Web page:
CP: And what did you study?

DN: I studied behavior, because Aubrey Manning did behavior. I went there primarily because of behavior genetics. I wanted to learn about behavior genetics and Aubrey had done all this stuff on drosophila, on fruit flies, and he was doing stuff on mice and that kind of thing, but there were people in the research group studying all kinds of things: cockroaches, mice, slime molds. I started doing stuff on fish and so I was the first doing research on the fish, but people were interested in the questions rather than the particular ordinance that they were setting, in most cases. Some people were just doing pretty theoretical kinds of considerations.

CP: And that would be the case for you as well? You're interested in the questions rather than the organisms? Or were you--

DN: Right, yeah.

CP: Okay, so the fish is still just sort of a vehicle for you at this point.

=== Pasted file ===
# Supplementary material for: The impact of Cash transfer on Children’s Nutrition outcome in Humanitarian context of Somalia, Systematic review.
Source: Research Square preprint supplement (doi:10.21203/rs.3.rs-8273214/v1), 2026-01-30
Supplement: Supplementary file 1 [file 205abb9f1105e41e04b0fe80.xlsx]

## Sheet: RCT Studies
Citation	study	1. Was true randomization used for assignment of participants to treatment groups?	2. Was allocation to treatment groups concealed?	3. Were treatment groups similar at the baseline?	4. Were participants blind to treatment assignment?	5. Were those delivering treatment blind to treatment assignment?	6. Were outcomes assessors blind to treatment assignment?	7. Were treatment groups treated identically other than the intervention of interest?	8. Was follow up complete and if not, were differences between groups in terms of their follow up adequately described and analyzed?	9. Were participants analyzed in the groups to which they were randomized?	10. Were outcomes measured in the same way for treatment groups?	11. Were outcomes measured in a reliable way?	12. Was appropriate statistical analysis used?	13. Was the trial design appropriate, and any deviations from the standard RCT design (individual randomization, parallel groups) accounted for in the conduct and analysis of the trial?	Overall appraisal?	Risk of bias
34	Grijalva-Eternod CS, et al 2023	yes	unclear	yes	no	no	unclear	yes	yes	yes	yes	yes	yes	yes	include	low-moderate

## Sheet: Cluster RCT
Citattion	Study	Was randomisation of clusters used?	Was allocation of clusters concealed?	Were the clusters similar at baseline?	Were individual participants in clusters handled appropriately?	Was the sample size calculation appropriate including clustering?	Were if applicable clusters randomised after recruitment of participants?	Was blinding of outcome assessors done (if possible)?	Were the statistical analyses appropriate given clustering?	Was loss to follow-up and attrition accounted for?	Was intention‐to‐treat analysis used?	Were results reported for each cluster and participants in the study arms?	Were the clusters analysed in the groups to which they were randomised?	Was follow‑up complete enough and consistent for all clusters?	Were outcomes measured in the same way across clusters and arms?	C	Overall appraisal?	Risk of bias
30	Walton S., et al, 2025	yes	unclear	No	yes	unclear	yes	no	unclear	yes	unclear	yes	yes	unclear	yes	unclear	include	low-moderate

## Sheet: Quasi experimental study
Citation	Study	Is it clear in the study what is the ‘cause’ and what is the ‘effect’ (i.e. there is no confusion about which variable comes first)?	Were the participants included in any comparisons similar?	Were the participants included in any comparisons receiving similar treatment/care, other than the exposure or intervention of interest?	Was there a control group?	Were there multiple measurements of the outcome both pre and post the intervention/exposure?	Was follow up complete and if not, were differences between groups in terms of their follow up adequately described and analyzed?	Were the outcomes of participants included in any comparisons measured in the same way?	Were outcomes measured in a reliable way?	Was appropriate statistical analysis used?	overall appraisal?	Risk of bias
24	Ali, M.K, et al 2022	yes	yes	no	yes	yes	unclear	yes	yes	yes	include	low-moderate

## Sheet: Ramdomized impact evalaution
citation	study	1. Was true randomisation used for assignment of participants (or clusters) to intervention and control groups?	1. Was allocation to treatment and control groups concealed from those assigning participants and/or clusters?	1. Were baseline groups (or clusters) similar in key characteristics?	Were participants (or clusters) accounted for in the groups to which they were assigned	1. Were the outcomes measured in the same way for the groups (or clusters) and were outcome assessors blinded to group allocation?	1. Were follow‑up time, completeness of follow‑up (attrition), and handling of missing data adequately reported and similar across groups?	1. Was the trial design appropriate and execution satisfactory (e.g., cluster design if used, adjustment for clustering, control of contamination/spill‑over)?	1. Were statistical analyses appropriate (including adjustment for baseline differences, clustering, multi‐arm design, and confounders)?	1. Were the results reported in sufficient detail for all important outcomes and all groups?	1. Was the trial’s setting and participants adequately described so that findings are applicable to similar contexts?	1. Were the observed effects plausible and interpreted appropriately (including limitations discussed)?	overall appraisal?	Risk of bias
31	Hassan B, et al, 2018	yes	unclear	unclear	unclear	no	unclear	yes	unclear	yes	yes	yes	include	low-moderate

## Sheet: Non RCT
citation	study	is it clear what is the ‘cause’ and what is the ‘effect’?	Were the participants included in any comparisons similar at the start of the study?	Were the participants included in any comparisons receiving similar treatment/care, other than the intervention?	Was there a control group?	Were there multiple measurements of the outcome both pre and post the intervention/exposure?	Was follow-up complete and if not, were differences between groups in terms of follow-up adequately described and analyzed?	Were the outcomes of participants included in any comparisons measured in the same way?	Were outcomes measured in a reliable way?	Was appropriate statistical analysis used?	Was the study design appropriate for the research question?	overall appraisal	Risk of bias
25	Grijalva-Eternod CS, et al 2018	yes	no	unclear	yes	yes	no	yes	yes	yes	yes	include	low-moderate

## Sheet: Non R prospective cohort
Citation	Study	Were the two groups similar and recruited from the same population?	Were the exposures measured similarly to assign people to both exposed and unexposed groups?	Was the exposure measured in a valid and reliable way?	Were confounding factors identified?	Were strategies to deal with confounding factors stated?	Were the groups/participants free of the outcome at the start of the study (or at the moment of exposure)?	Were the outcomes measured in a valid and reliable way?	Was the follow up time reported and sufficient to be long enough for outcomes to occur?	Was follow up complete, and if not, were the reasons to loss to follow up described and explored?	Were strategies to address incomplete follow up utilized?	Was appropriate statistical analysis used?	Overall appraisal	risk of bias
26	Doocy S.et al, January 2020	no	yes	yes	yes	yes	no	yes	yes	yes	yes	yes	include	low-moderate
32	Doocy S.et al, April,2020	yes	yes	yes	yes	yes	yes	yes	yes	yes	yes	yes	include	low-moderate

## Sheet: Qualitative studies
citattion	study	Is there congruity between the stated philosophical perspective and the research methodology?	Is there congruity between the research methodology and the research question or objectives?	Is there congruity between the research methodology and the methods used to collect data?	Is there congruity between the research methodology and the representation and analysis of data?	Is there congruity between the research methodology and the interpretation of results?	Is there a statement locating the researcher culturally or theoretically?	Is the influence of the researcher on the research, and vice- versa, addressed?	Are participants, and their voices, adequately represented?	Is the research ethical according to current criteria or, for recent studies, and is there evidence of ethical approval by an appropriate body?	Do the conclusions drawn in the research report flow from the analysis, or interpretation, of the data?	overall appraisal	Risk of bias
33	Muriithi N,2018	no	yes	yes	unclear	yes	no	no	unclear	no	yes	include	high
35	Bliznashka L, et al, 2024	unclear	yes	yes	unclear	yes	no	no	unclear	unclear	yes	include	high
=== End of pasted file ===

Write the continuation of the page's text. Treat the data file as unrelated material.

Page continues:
DN: Right, but it was more than a vehicle, it was more than a vehicle of convenience, because I knew quite a lot about fish because I'd taught fish courses and I'd learned about fish and how to do things, and so the more you do certain kinds of things, the more you learn about, and so it becomes kind of self-reinforcing. So then I moved back to North America, moved back to Canada. I did a lot of teaching in ecology, behavior and evolution, but I also did a lot of courses, teaching in fish kind of courses, because I knew a lot about fish.


CP: What was the decision to move back to Canada and move to Guelph from Edinburgh?